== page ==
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France's Le Pen meets Putin in Moscow

Front National leader Marine Le Pen has met with Vladimir Putin and Russian lawmakers in Moscow. Russia has been cozying up to right-wing candidates and meddling in European and US elections.

French right-wing leader and presidential candidate Marine Le Pen in Moscow on Friday called for greater cooperation against terrorism and better relations with Russia.

"I am in favor of developing relations with Russia in the context of the long history that links our two countries," Le Pen said at a meeting with Russia's parliamentary speaker, Vyacheslav Volodin.

Referring to Russia's role in Syria and France's fight against Islamic extremists, she called on the two countries to work together to fight "terrorism." She also urged an end to European Union sanctions on Russia over the crisis in the Ukraine.

The Front National leader was visiting Moscow at the invitation of Leonid Slutsky, head of the Duma's foreign affairs committee. Le Pen has visited Russia several times.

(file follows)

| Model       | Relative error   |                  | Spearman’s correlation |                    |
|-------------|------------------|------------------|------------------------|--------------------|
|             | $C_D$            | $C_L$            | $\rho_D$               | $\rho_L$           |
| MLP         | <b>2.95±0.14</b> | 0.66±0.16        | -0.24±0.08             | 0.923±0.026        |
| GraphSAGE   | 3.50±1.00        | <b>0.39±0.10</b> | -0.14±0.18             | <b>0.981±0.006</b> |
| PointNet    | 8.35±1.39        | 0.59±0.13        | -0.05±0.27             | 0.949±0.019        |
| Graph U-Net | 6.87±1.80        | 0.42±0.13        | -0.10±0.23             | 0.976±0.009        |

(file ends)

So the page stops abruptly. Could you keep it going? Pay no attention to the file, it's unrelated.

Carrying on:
'We don't want to influence current events'

She was then whisked off to the Kremlin to meet President Vladimir Putin, whom she has said she admires.

"We by no means want to influence the current events, but we reserve the right to communicate with all representatives of all political forces of the country, as do our partners in Europe and the United States for example," Interfax news agency quoted Putin as telling Le Pen.

Russia has been accused of meddling in European elections, including by promoting anti-EU populist movements and conducting disinformation campaigns. 

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The Front National in 2014 received a controversial 9 million euros ($9.7 million) loan from a Russian bank that later went bankrupt. Putin said he did not discuss financing with Le Pen.

But he noted the Front National represents "quite a fast-developing spectrum of European political forces," in reference to a surge in anti-EU populist movements.

Neck-and-neck presidential race

Le Pen's visit comes weeks before the first round of French presidential elections on April 23, although the right-wing leader said her visit had nothing to do with attracting votes.  

Polls suggest Le Pen is running neck-and-neck with independent centrist Emmanuel Macron at about 25 percent. Scandal-plagued conservative candidate Francois Fillon is at 19 percent.

An Opionway poll released on Friday suggested in a second round May vote both Fillon and Macron would defeat Le Pen. Macron would defeat Le Pen 63 percent to 37 in the second round, while Fillon would get 57 percent against 43 percent in the May runoff.

cw/kms (AFP, dpa, Reuters)

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